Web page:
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June 23, 2010
When she applied to the NOAA Teacher at Sea program last fall, Melinda Storey, a teacher at Mountain Brook Elementary School in Birmingham, Ala., hoped to experience ocean research first hand. Now onboard the NOAA Ship Pisces in the Gulf of Mexico, she’s getting that experience and more.
Storey and the Pisces scientific crew are surveying populations of coral reef fish in the Gulf as part of a mission planned prior to the BP Deepwater Horizon oil catastrophe. A newly added part of the mission will support NOAA’s seafood safety assessments in the Gulf. The crew will be catching fish to be analyzed for oil contamination.
The data that Storey is helping to collect could also ultimately help scientists understand the health of reef fish populations in the Gulf at a critical time as the spill continues.
“NOAA’s Teacher at Sea program immerses teachers in hands-on research experiences that give them clearer insight into our ocean planet, a greater understanding of maritime work and studies, and increased knowledge of environmental literacy,” said Jennifer Hammond, the program’s director. “Participating in real-world research allows teachers to gain experience actually doing science, which makes a significant impact when they bring back their knowledge to their classrooms, teaching students how the oceans affect their lives.”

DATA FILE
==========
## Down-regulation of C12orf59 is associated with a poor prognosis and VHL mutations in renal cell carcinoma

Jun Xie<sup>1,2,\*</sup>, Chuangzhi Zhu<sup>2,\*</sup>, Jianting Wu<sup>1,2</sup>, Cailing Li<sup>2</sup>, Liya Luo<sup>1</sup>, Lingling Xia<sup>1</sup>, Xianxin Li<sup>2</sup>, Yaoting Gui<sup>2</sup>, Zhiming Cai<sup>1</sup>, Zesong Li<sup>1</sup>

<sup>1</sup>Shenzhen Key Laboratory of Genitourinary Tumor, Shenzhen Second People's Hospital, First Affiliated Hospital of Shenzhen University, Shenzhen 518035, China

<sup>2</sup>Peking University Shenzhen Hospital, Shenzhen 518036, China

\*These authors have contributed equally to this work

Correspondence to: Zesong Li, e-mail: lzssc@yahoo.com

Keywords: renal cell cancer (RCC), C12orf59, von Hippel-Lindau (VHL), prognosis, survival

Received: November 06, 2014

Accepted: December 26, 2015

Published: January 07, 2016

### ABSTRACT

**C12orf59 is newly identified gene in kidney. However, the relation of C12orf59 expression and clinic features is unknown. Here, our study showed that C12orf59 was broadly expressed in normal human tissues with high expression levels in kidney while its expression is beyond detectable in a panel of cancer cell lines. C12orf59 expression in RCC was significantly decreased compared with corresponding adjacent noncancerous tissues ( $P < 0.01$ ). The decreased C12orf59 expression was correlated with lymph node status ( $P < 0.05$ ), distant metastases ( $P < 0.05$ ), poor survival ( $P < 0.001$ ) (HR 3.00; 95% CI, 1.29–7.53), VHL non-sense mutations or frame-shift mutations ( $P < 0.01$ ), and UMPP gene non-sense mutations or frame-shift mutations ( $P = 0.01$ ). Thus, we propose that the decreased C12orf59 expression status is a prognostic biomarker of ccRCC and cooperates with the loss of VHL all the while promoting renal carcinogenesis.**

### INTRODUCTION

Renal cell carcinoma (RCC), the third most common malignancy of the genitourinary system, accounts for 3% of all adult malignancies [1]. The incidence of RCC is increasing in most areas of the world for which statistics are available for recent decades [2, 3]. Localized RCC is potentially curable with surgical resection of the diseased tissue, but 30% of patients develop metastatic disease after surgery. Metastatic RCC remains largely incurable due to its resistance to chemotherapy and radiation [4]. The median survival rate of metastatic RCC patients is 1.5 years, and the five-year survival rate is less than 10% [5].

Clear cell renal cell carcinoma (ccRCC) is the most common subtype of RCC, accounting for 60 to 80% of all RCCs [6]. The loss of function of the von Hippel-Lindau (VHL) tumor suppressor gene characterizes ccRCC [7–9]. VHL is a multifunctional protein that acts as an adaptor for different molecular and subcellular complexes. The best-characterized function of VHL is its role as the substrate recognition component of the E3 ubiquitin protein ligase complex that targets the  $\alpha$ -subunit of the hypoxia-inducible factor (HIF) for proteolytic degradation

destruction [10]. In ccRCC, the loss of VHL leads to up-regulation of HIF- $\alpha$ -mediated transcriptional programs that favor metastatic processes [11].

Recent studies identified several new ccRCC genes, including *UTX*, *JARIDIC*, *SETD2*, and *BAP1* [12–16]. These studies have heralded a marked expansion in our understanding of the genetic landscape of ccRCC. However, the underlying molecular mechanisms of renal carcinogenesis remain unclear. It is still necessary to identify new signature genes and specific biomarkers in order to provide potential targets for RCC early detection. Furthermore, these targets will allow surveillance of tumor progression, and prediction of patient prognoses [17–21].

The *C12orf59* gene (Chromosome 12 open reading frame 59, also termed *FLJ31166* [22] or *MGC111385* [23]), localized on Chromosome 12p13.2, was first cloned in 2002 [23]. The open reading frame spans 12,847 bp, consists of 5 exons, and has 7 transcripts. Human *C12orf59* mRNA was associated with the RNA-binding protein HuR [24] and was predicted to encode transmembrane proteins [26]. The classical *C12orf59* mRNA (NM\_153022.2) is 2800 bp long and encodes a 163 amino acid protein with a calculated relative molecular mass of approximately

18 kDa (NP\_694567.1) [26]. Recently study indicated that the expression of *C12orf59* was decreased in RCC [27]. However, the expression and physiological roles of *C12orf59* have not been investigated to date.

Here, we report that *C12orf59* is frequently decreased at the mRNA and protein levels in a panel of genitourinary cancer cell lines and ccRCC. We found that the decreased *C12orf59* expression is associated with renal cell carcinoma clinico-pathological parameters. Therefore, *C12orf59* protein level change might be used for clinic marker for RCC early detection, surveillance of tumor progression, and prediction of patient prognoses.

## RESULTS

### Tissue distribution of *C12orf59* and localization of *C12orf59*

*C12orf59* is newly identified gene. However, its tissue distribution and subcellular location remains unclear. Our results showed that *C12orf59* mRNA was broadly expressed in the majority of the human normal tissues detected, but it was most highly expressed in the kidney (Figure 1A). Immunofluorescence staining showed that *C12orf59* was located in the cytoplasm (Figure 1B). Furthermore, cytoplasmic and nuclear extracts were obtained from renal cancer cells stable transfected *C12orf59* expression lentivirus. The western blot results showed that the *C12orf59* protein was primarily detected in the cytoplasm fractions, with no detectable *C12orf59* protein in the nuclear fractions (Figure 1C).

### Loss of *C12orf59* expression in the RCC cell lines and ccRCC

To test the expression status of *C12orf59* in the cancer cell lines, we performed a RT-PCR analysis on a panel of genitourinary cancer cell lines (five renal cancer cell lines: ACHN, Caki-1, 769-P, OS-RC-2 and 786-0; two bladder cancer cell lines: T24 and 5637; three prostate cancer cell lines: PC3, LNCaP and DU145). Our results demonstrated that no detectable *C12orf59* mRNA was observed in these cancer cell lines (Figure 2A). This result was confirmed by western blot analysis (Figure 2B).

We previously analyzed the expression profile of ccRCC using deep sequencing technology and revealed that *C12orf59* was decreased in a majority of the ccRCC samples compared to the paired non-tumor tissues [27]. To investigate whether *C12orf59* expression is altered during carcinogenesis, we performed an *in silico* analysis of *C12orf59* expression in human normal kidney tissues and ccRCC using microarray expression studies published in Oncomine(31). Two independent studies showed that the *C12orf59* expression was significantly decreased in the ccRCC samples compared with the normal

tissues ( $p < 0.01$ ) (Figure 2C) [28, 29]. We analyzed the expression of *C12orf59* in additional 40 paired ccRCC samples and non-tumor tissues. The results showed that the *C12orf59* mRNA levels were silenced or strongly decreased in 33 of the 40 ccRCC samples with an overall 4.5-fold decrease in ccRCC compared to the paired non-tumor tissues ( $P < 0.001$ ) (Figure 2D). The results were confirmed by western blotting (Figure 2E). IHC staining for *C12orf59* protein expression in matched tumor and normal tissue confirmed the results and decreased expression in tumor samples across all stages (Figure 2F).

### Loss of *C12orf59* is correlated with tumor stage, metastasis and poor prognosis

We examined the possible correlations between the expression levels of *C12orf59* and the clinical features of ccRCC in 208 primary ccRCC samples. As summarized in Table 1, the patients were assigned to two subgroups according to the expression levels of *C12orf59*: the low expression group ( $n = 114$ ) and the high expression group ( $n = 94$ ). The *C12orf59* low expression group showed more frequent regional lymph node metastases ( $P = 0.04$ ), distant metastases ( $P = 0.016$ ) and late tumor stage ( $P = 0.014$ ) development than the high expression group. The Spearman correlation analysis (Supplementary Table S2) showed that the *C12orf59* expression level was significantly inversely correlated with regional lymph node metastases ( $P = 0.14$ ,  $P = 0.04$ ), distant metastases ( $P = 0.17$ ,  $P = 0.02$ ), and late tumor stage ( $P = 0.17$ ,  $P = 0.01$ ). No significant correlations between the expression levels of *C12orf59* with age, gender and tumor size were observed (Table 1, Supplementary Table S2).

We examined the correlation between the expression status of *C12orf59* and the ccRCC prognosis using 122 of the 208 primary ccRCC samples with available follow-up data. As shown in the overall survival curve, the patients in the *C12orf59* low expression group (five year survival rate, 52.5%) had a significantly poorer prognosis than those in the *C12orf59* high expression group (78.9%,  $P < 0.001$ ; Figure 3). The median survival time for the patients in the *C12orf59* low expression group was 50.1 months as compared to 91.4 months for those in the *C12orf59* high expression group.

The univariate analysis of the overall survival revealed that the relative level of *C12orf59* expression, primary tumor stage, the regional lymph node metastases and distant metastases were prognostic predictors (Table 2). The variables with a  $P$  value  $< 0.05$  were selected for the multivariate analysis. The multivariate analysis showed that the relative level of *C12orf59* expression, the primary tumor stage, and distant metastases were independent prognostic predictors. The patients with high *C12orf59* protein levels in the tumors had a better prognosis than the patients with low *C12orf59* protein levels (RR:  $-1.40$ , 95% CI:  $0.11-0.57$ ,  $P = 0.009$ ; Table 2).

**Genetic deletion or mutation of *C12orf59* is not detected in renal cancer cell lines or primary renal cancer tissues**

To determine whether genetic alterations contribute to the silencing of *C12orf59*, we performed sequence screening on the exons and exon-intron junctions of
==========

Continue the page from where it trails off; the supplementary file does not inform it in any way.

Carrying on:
Storey boarded the research vessel in Pascagoula, Miss., on June 14, and will spend 19 days assisting scientists with the reef fish survey that will help scientists learn reef fish population numbers in the Gulf of Mexico. Storey will write logs that include information about important research of the day, life at sea, interviews with scientists, and photos. The logs are posted on NOAA’s Teacher at Sea website.
“It is critical to connect the classroom to the real world,” said Storey. “The NOAA experience will allow my students to explore career opportunities, real world scientific data, and become excited about science. I can’t wait to blog about my experience at sea and have my students respond daily with their comments.”
Now in its 20th year, the program has provided nearly 600 teachers the opportunity to gain first-hand experience participating in science at sea. This year NOAA received more than 250 applications. They selected 35 individuals to participate in cruises. According to Hammond, educators can enrich their curricula with a depth of understanding made possible by living and working side-by-side, day and night, with those who contribute to the world’s body of scientific knowledge.
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